Dead Girls, Dead Boys, Dead Things Paperback – Feb 15 1998
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From Publishers Weekly
Imagine a writer who combines the stylistic complexities of Gene Wolfe with the sexual perversity of Poppy Z. Brite. Add a dash of cyberpunk and a double measure of the paranoia that fueled Philip K. Dick's best work. This might give you some dark presentiment of what Calder's fiction is like, but your imagination would probably fall well short of the mark. In his newest novel (after Dead Things), Calder imagines a future when virtual reality and the Net have created an alternate universe of artificial intelligences, many of whom have been downloaded into corporeal form. Much of the world's population, both human and virtual, has become obsessed with pornography and sado-masochism, and Earth's repressive governments have concluded that children are at the demonic center of the sexual madness that has overtaken the planet. As the novel opens, one downloaded AI, Dahlia Chan, former star of such pornographic and pedophiliac adventure films as Kung-Fu Nymphet from Hell, and Zane, her most obsessive (and sexually obsessed) fan, flee across the wastes of Antarctica in search of Cythera, a perhaps mythical Eden where humans and AIs can live as equals. In succeeding chapters, a variety of characters, many of them alternate-universe versions of Dahlia and Zane, most of them sexually perverse, undergo a variety of adventures, assignations, revolutions and tortures, all part of their grand and extremely convoluted quest for Cythera. Calder is a writer of undeniable talent, but it's hard to envision his intended audience. Perhaps he's writing for aficionados of both the Marquis de Sade and William Gibson or, conceivably, for those who prefer their Philip K. Dick mixed with a little J.K. Huymans. In any case, he's definitely an acquired taste.
Copyright 1998 Reed Business Information, Inc.
“Fascinating and superbly written.” ―Starlog
“One of the stranger SF series of recent years...Calder's mix of violent and graphically sexual images and dizzily recursive explications of SF tropes blended through a reality mixer is unsettling, genuinely exotic, and fiercely intelligent. Highly recommended.” ―Paul J. McAuley, Interzone
“A literary head kickc, pushing gender and bio-tech buttons as hard as something like Neuromancer pushed the romance of digital criminality.” ―Richard Kadrey, author of Kamikaze L'Amour
“A future world as rich, dense, and intricate as any in recent SF.” ―Rob Latham, The New York Review of Science Fiction
“The trilogy holds many rewards, cerebral and aesthetic.” ―Publishers Weekly
“Stunning...a wild trilogy” ―Science Fiction AgeSee all Product Description
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Top Customer Reviews
The first book is the strongest of the three, spending most of its time focussed on a rather twisted story of young lovers on the run. The second book is the weakest of the three, spending way too much time on the central theme of the eroticising of sexual torture and death and working through a mind-numbing series of permutations and combinations of same. The third book tries to tie together the various shreds and bits of plot scattered among the bits and pieces of dead girls and boys from the first two books and, ultimately, fails. The conclusion of the trilogy ends up being a series of explanations for the events in the books, some more or less absurd than others. The ending, after all of the suffering portrayed in the trilogy, is trite and unsatisfying.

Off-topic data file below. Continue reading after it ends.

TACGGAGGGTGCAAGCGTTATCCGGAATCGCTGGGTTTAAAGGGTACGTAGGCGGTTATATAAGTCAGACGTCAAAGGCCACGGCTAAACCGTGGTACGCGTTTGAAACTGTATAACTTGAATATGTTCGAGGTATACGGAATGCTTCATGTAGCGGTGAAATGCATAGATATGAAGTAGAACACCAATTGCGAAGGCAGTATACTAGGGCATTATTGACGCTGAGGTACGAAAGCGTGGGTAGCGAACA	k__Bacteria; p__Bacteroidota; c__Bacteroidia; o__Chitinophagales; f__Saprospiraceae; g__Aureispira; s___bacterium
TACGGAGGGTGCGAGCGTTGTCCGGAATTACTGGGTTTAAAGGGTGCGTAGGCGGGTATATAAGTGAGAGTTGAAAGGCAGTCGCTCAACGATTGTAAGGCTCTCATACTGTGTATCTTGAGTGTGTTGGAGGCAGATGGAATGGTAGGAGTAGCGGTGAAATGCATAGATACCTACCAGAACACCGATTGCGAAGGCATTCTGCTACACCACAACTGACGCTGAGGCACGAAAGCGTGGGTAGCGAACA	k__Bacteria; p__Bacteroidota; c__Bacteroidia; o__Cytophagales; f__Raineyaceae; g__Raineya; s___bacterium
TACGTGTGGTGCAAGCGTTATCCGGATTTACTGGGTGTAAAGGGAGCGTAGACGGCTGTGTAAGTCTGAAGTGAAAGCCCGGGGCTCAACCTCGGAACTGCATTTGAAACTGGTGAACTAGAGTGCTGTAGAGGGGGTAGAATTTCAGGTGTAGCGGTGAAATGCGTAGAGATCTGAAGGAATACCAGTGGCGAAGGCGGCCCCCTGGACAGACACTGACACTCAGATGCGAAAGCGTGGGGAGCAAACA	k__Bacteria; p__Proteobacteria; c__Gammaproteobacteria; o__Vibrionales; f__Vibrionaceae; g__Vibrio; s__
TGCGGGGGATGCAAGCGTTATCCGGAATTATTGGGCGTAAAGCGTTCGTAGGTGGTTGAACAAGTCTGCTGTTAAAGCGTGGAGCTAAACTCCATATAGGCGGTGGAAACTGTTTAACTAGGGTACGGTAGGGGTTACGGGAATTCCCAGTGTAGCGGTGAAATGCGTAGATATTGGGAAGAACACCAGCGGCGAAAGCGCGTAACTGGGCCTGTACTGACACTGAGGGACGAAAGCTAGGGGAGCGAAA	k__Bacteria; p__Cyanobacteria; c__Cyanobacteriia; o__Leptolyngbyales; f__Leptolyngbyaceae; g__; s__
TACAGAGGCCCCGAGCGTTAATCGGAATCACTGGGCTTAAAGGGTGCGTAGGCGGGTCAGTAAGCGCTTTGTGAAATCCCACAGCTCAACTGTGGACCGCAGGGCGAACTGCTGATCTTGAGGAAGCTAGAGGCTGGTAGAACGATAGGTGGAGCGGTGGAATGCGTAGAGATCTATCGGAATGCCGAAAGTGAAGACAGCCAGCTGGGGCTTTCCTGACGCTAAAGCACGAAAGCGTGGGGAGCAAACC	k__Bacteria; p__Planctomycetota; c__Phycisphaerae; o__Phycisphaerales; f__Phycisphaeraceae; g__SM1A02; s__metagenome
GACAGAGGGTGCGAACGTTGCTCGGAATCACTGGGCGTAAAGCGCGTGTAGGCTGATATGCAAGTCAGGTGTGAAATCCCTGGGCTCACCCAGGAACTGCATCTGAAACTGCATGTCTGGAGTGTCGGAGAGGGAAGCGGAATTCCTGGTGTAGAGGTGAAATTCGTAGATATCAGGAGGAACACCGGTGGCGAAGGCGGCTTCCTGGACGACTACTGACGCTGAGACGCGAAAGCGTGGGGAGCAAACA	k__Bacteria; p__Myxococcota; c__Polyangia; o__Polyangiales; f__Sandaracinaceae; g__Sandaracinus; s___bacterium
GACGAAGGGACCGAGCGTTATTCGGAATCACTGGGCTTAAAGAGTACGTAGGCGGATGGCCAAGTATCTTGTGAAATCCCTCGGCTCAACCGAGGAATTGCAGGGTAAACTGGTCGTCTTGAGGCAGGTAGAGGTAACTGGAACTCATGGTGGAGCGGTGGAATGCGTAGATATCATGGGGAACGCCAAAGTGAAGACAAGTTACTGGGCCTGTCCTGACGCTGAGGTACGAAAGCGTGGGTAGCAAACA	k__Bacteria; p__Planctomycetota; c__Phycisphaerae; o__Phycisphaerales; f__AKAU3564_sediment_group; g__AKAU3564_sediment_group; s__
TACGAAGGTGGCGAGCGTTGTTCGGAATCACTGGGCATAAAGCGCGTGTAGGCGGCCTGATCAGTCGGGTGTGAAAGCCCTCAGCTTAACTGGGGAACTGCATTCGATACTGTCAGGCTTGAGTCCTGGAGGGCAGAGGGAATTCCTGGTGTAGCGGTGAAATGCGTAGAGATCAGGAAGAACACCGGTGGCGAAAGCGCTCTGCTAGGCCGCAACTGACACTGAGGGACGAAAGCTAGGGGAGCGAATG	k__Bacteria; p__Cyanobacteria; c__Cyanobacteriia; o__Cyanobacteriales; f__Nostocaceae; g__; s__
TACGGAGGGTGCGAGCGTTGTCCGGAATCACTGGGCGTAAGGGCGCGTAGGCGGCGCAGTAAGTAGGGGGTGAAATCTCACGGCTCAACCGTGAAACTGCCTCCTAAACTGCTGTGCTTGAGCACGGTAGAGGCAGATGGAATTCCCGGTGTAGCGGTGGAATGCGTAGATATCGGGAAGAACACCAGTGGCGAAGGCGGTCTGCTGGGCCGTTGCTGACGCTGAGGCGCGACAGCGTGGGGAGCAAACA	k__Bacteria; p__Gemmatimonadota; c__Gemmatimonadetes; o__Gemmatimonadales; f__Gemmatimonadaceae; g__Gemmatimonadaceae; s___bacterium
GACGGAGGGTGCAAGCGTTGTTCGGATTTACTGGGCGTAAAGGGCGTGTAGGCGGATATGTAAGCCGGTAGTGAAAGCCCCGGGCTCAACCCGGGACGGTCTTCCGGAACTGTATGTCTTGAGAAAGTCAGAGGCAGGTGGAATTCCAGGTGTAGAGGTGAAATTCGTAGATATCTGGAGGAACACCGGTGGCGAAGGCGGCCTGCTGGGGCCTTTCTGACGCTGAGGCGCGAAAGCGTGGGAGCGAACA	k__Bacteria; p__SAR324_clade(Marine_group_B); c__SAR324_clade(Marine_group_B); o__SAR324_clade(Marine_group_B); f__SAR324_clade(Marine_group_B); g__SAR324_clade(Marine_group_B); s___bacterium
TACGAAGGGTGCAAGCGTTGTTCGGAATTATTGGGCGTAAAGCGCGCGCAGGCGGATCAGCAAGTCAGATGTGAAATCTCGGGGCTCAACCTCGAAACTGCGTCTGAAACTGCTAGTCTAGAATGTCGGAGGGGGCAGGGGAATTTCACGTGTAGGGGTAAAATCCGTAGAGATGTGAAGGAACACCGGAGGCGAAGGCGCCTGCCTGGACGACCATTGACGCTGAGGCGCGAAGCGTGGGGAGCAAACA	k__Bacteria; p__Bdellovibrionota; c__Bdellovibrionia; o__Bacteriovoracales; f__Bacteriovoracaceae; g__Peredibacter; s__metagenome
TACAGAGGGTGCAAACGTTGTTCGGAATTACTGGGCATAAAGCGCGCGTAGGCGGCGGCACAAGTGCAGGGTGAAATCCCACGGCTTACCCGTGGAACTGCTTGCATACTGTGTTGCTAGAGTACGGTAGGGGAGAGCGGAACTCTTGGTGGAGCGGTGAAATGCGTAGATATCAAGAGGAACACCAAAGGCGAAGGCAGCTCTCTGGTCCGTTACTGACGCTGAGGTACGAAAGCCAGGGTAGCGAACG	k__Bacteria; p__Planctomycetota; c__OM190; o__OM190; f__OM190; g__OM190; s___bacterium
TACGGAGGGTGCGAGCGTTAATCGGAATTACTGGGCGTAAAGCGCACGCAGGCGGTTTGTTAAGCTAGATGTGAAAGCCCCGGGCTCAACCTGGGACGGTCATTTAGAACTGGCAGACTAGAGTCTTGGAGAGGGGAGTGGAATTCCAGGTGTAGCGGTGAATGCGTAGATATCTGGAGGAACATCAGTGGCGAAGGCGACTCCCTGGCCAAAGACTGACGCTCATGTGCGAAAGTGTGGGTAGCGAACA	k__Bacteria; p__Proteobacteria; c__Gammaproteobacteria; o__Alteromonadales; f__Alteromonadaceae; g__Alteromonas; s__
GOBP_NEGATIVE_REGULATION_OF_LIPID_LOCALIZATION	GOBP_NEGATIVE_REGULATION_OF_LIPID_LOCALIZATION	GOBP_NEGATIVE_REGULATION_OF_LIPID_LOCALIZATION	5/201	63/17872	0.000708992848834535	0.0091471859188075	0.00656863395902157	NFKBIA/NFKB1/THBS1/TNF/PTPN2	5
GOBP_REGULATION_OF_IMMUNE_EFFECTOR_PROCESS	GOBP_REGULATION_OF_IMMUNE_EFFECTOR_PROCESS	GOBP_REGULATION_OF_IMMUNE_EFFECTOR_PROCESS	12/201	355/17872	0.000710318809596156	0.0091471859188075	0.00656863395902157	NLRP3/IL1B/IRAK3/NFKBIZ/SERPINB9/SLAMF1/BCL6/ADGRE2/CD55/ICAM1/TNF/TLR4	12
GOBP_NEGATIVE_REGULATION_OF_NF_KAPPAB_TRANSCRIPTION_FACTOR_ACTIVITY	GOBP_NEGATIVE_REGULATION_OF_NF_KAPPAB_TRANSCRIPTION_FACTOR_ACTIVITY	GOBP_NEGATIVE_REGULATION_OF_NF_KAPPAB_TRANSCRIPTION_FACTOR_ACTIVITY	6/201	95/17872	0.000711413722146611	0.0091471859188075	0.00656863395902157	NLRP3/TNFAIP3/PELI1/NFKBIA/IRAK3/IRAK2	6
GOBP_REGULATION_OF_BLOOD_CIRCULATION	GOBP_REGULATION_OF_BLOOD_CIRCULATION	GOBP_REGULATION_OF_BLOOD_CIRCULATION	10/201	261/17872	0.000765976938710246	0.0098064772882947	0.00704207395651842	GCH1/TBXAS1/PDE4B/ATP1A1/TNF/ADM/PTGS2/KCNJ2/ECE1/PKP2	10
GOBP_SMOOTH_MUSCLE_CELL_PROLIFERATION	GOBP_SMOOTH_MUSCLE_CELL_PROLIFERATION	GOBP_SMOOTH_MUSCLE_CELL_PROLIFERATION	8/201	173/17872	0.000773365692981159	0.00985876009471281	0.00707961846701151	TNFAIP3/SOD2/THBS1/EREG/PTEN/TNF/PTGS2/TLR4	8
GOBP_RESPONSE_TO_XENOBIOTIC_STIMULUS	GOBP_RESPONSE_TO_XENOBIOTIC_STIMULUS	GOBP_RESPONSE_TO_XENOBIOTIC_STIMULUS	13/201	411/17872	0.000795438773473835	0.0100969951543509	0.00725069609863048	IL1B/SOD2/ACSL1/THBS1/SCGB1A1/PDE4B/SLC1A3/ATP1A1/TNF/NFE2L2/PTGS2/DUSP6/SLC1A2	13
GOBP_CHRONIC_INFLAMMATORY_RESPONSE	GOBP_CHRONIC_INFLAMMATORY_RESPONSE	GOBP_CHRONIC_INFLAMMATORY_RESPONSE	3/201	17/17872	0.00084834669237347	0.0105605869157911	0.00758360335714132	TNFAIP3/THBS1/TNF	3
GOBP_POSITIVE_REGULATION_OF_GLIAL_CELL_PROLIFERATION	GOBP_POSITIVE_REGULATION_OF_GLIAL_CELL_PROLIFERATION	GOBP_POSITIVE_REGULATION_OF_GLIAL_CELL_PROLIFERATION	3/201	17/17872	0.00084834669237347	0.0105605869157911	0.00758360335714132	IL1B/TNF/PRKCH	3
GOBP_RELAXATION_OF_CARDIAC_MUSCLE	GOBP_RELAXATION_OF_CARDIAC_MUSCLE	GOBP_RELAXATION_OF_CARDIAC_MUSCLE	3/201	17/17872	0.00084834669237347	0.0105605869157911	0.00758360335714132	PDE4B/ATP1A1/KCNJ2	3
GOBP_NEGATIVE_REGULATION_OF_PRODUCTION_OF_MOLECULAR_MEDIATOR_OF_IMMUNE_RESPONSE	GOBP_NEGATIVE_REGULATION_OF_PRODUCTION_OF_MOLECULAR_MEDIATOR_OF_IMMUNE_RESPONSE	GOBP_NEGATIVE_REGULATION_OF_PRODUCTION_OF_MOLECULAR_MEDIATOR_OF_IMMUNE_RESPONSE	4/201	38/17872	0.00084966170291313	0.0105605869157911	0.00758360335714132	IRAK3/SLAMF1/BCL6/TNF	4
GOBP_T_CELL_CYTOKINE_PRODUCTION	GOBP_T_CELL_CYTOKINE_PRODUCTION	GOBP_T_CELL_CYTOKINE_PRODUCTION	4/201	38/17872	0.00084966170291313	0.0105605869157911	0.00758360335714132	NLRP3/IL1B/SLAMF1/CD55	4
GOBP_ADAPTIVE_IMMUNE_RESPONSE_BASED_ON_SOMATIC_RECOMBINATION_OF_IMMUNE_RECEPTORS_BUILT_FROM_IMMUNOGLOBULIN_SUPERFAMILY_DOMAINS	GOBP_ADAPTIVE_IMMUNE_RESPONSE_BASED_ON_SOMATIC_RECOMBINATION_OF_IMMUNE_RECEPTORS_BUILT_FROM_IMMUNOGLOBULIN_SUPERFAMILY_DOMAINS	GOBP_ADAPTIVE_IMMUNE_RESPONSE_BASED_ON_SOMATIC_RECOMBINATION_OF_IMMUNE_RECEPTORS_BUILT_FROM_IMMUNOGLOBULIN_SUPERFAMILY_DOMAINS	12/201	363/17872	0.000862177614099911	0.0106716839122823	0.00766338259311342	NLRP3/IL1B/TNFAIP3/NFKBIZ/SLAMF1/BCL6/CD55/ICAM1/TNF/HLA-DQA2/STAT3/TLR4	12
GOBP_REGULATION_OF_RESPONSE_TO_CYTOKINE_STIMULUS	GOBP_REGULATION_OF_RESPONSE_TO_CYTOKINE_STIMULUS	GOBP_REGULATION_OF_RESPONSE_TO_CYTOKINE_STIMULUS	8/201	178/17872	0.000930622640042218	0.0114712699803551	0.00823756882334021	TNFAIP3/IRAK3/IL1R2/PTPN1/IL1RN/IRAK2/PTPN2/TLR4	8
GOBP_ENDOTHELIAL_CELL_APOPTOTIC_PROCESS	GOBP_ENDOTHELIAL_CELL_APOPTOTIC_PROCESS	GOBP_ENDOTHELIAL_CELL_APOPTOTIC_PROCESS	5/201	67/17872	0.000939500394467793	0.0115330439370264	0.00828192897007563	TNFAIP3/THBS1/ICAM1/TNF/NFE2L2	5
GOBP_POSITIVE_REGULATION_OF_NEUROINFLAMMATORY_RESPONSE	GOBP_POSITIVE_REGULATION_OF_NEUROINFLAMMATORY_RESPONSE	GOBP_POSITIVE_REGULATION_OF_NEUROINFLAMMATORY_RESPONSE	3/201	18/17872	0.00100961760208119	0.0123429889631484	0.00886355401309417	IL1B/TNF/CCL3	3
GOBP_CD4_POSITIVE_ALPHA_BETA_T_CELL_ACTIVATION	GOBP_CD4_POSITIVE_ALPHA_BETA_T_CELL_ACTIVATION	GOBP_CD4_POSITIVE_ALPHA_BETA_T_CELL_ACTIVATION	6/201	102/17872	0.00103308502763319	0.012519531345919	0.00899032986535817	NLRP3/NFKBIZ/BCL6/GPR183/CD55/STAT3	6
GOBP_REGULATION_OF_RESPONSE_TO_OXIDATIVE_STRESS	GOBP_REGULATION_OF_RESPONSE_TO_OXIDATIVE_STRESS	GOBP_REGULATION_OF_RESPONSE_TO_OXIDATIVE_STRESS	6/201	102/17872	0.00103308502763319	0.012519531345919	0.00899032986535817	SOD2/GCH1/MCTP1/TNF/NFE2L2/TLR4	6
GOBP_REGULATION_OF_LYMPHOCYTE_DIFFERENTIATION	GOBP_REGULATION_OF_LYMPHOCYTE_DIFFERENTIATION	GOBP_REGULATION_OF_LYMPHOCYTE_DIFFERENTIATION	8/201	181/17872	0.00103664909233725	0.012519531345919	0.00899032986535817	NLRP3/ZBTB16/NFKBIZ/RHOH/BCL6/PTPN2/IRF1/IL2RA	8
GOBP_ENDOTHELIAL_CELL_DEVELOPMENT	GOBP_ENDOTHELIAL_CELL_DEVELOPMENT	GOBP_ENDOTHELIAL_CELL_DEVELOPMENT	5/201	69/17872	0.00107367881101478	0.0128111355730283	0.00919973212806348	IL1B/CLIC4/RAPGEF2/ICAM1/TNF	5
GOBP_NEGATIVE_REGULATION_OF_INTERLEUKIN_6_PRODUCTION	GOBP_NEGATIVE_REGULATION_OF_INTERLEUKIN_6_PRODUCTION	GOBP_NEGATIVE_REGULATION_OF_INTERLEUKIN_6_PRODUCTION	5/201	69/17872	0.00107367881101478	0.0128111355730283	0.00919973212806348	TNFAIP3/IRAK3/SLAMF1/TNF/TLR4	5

Calder's plotting is a weak point, but his writing style is interesting. If the journey is the reward, the telling of the story in the Dead trilogy is at least a partial reward. He covers much trodden ground (Naked Lunch, Videodrome, Blade Runner, American Psycho) in some new and interesting ways. His vocabulary left me scrambling to look words up.
In the end, the absurd plotting and overly long presentation made "Dead Girls, Dead Boys, Dead Things" a disappointment.
Eventually the plotting and the sub-fanfic ludicrousness of the whole affair gets the better of it and leaves it smouldering in a wreckheap of tarted-up wordplay. The plotting is bewildering enough and yet at the same time contrived enough to be sufficiently appealing to those who think William Gibson was a pansy -- this guy makes Gibson look downright tame, sure, but is that kind of goal really worth aiming for? Jive highbrow gibberings about idea-viruses and other such things don't make the story any more credible.
It's probably possible to contort yourself into a position where this sort of cold, unpleasant junk represents a major statement of some kind, but those whose hip credentials don't depend on it shouldn't bother.
Most recent customer reviews
I have read only the first and last of Mr. Calder's magnum opus. I ache to possess the rest. I look up from his pages as though through a deep mist; my heart palpitates, my scalp... Read morePublished on March 16 2002
"Dead Girls Dead Boys Dead Things" is a profound book for those with the patience, vocabulary and literary mastership to undertake it. Read morePublished on Jan. 8 2001
Beautifully written poetic epic about true love in a world gone utterly mad. The narrative style reminded me of William Faulkner's "Sound and the Fury" while the plot is... Read morePublished on May 18 2000
This trilogy is without a doubt the finest piece of writing I have read this year. This series is not for all but if you like Jeff Noon or Michael Moorcock you must pick up this... Read morePublished on March 5 1999